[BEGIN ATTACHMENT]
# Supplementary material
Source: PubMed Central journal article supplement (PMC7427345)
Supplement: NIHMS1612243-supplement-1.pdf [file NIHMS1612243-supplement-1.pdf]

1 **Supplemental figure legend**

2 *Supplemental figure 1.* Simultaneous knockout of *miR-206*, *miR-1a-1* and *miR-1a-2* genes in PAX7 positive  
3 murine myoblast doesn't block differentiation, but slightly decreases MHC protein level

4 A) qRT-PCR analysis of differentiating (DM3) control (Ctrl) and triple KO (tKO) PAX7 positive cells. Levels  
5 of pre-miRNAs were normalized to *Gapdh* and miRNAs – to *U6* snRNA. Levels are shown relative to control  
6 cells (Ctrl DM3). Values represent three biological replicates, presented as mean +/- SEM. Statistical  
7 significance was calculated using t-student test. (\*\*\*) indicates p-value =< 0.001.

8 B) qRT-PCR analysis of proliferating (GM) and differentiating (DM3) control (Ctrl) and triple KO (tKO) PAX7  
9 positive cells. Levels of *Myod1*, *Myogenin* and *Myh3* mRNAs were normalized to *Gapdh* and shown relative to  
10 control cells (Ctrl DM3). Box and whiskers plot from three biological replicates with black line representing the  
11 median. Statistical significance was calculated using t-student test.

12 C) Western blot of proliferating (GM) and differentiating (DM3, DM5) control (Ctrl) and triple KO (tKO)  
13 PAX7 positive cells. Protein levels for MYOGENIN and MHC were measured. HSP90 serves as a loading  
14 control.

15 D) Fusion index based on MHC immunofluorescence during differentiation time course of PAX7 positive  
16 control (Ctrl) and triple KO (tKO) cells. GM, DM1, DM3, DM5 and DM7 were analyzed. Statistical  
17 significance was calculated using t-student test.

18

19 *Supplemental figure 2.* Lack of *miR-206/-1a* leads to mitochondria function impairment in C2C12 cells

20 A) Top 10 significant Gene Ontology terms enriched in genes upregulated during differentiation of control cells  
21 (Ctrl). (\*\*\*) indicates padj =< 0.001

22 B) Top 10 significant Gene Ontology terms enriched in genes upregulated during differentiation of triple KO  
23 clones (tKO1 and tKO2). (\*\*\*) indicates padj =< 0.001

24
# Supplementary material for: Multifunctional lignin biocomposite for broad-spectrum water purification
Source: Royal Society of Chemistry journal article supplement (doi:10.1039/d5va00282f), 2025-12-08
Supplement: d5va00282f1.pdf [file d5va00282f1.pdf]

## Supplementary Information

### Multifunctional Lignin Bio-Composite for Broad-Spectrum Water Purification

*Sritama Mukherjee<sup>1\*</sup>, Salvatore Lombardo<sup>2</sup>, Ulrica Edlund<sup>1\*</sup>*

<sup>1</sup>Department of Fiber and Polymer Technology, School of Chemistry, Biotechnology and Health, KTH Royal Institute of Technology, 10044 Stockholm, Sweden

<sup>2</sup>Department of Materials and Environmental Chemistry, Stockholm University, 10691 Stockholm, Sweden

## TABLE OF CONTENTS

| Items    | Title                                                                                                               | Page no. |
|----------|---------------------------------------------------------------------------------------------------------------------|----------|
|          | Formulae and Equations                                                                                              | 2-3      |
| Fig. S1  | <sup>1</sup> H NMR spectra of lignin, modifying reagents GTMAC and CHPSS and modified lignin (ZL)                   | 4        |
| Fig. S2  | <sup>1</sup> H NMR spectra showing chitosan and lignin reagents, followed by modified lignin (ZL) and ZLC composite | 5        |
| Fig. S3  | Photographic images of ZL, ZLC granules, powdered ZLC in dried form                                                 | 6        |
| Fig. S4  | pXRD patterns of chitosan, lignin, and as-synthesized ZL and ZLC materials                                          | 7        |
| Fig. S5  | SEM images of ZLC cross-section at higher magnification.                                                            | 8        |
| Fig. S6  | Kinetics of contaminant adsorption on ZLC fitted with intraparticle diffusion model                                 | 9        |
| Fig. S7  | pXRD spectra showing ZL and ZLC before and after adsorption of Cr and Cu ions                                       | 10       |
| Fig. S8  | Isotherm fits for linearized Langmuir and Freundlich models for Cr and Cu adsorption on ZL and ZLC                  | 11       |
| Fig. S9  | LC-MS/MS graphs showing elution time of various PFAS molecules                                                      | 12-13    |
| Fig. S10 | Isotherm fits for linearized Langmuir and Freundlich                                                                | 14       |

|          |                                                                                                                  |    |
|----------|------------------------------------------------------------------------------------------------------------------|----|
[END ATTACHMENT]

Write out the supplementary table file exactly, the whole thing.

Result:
# Supplementary material
Source: PubMed Central journal article supplement (PMC7427345)
Supplement: NIHMS1612243-supplement-1.pdf [file NIHMS1612243-supplement-1.pdf]

1 **Supplemental figure legend**

2 *Supplemental figure 1.* Simultaneous knockout of *miR-206*, *miR-1a-1* and *miR-1a-2* genes in PAX7 positive  
3 murine myoblast doesn't block differentiation, but slightly decreases MHC protein level

4 A) qRT-PCR analysis of differentiating (DM3) control (Ctrl) and triple KO (tKO) PAX7 positive cells. Levels  
5 of pre-miRNAs were normalized to *Gapdh* and miRNAs – to *U6* snRNA. Levels are shown relative to control  
6 cells (Ctrl DM3). Values represent three biological replicates, presented as mean +/- SEM. Statistical  
7 significance was calculated using t-student test. (\*\*\*) indicates p-value =< 0.001.

8 B) qRT-PCR analysis of proliferating (GM) and differentiating (DM3) control (Ctrl) and triple KO (tKO) PAX7  
9 positive cells. Levels of *Myod1*, *Myogenin* and *Myh3* mRNAs were normalized to *Gapdh* and shown relative to  
10 control cells (Ctrl DM3). Box and whiskers plot from three biological replicates with black line representing the  
11 median. Statistical significance was calculated using t-student test.

12 C) Western blot of proliferating (GM) and differentiating (DM3, DM5) control (Ctrl) and triple KO (tKO)  
13 PAX7 positive cells. Protein levels for MYOGENIN and MHC were measured. HSP90 serves as a loading  
14 control.

15 D) Fusion index based on MHC immunofluorescence during differentiation time course of PAX7 positive  
16 control (Ctrl) and triple KO (tKO) cells. GM, DM1, DM3, DM5 and DM7 were analyzed. Statistical  
17 significance was calculated using t-student test.

18

19 *Supplemental figure 2.* Lack of *miR-206/-1a* leads to mitochondria function impairment in C2C12 cells

20 A) Top 10 significant Gene Ontology terms enriched in genes upregulated during differentiation of control cells  
21 (Ctrl). (\*\*\*) indicates padj =< 0.001

22 B) Top 10 significant Gene Ontology terms enriched in genes upregulated during differentiation of triple KO  
23 clones (tKO1 and tKO2). (\*\*\*) indicates padj =< 0.001

24
# Supplementary material for: Multifunctional lignin biocomposite for broad-spectrum water purification
Source: Royal Society of Chemistry journal article supplement (doi:10.1039/d5va00282f), 2025-12-08
Supplement: d5va00282f1.pdf [file d5va00282f1.pdf]

## Supplementary Information

### Multifunctional Lignin Bio-Composite for Broad-Spectrum Water Purification

*Sritama Mukherjee<sup>1\*</sup>, Salvatore Lombardo<sup>2</sup>, Ulrica Edlund<sup>1\*</sup>*

<sup>1</sup>Department of Fiber and Polymer Technology, School of Chemistry, Biotechnology and Health, KTH Royal Institute of Technology, 10044 Stockholm, Sweden

<sup>2</sup>Department of Materials and Environmental Chemistry, Stockholm University, 10691 Stockholm, Sweden

## TABLE OF CONTENTS

| Items    | Title                                                                                                               | Page no. |
|----------|---------------------------------------------------------------------------------------------------------------------|----------|
|          | Formulae and Equations                                                                                              | 2-3      |
| Fig. S1  | <sup>1</sup> H NMR spectra of lignin, modifying reagents GTMAC and CHPSS and modified lignin (ZL)                   | 4        |
| Fig. S2  | <sup>1</sup> H NMR spectra showing chitosan and lignin reagents, followed by modified lignin (ZL) and ZLC composite | 5        |
| Fig. S3  | Photographic images of ZL, ZLC granules, powdered ZLC in dried form                                                 | 6        |
| Fig. S4  | pXRD patterns of chitosan, lignin, and as-synthesized ZL and ZLC materials                                          | 7        |
| Fig. S5  | SEM images of ZLC cross-section at higher magnification.                                                            | 8        |
| Fig. S6  | Kinetics of contaminant adsorption on ZLC fitted with intraparticle diffusion model                                 | 9        |
| Fig. S7  | pXRD spectra showing ZL and ZLC before and after adsorption of Cr and Cu ions                                       | 10       |
| Fig. S8  | Isotherm fits for linearized Langmuir and Freundlich models for Cr and Cu adsorption on ZL and ZLC                  | 11       |
| Fig. S9  | LC-MS/MS graphs showing elution time of various PFAS molecules                                                      | 12-13    |
| Fig. S10 | Isotherm fits for linearized Langmuir and Freundlich                                                                | 14       |

|          |                                                                                                                  |    |
|----------|------------------------------------------------------------------------------------------------------------------|----|